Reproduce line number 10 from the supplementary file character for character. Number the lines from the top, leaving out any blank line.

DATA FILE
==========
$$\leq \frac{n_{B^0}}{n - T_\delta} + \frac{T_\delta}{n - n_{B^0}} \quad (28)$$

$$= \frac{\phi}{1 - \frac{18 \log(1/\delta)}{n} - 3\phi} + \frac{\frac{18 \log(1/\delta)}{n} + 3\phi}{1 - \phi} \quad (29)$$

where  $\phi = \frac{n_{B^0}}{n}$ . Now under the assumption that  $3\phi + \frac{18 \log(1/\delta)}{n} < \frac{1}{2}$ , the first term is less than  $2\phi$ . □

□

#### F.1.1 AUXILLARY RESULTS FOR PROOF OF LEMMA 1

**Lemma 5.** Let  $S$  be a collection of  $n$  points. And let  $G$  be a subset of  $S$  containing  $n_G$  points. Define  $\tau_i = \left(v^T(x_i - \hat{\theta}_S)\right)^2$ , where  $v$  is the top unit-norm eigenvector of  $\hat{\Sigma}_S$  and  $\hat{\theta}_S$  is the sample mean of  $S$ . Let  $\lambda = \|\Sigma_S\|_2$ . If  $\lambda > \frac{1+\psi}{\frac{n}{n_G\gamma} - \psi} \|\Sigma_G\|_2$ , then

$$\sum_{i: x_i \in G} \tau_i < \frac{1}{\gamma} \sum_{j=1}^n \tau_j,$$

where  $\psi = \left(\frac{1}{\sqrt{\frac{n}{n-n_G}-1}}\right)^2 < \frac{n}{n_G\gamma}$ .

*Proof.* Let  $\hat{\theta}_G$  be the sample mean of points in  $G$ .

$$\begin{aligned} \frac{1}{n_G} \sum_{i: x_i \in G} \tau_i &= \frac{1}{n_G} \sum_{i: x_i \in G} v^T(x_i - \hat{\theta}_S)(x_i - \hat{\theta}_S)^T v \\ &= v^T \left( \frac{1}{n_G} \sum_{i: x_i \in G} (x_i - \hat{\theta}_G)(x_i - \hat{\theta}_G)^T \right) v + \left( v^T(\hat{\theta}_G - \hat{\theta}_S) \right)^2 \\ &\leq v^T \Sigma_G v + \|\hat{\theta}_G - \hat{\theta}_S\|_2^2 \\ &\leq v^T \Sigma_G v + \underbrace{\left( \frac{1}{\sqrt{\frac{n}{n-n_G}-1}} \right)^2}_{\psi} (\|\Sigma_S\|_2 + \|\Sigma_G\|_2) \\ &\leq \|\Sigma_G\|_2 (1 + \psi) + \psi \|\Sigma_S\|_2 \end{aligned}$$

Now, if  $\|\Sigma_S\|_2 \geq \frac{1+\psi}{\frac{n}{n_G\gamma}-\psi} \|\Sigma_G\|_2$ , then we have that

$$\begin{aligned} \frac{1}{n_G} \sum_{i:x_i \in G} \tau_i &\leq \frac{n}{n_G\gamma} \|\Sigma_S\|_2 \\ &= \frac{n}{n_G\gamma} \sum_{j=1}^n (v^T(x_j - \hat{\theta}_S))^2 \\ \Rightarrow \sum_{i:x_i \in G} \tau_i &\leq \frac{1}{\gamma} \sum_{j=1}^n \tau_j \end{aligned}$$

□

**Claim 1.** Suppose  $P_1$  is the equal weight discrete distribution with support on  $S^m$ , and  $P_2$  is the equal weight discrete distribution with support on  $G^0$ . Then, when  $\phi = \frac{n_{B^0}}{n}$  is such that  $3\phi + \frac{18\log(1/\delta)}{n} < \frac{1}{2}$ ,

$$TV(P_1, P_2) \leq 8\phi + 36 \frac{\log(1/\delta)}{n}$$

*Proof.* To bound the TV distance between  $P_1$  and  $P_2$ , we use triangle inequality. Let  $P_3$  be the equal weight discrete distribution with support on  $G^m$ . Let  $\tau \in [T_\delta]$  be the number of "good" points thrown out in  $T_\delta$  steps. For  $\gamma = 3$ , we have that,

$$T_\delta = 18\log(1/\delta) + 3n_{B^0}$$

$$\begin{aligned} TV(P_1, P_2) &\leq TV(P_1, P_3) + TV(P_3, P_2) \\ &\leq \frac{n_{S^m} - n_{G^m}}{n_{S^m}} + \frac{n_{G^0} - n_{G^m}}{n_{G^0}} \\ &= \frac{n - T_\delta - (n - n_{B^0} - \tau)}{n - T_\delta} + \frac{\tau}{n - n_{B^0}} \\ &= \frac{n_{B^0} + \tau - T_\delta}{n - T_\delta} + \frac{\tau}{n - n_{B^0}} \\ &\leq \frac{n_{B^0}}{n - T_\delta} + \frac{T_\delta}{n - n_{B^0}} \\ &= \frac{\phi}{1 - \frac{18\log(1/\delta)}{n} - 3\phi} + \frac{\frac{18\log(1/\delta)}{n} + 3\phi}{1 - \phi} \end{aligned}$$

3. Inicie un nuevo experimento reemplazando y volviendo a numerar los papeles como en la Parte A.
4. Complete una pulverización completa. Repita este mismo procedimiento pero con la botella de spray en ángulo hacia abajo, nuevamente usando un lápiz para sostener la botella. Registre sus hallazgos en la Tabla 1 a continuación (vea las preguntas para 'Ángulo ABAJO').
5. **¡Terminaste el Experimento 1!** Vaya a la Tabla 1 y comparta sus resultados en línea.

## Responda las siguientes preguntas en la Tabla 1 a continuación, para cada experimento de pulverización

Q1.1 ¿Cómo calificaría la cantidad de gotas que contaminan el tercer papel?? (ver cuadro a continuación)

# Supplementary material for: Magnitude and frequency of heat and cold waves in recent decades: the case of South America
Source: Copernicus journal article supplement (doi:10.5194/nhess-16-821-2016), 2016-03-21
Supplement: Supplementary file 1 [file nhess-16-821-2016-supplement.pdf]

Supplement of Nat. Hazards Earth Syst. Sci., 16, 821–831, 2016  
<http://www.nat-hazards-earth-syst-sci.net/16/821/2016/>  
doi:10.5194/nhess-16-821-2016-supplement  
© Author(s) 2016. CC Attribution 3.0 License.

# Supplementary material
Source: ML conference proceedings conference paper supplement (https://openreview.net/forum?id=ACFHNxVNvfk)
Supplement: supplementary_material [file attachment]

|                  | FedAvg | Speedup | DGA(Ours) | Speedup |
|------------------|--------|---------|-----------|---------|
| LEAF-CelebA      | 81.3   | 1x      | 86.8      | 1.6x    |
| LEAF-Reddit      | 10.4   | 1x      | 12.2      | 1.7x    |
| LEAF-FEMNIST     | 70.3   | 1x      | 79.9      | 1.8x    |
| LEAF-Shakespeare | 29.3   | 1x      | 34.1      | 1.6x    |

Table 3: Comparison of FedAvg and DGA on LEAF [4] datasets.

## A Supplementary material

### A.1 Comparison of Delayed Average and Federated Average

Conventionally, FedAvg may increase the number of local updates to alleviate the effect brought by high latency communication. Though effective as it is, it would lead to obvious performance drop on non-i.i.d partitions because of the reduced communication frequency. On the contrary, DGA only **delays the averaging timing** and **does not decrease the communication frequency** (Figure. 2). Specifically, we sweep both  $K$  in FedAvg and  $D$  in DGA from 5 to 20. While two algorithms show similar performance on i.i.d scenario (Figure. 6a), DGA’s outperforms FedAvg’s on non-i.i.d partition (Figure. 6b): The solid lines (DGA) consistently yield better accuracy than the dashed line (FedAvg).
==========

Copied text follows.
$$\begin{aligned} \frac{1}{n_G} \sum_{i: x_i \in G} \tau_i &= \frac{1}{n_G} \sum_{i: x_i \in G} v^T(x_i - \hat{\theta}_S)(x_i - \hat{\theta}_S)^T v \\ &= v^T \left( \frac{1}{n_G} \sum_{i: x_i \in G} (x_i - \hat{\theta}_G)(x_i - \hat{\theta}_G)^T \right) v + \left( v^T(\hat{\theta}_G - \hat{\theta}_S) \right)^2 \\ &\leq v^T \Sigma_G v + \|\hat{\theta}_G - \hat{\theta}_S\|_2^2 \\ &\leq v^T \Sigma_G v + \underbrace{\left( \frac{1}{\sqrt{\frac{n}{n-n_G}-1}} \right)^2}_{\psi} (\|\Sigma_S\|_2 + \|\Sigma_G\|_2) \\ &\leq \|\Sigma_G\|_2 (1 + \psi) + \psi \|\Sigma_S\|_2 \end{aligned}$$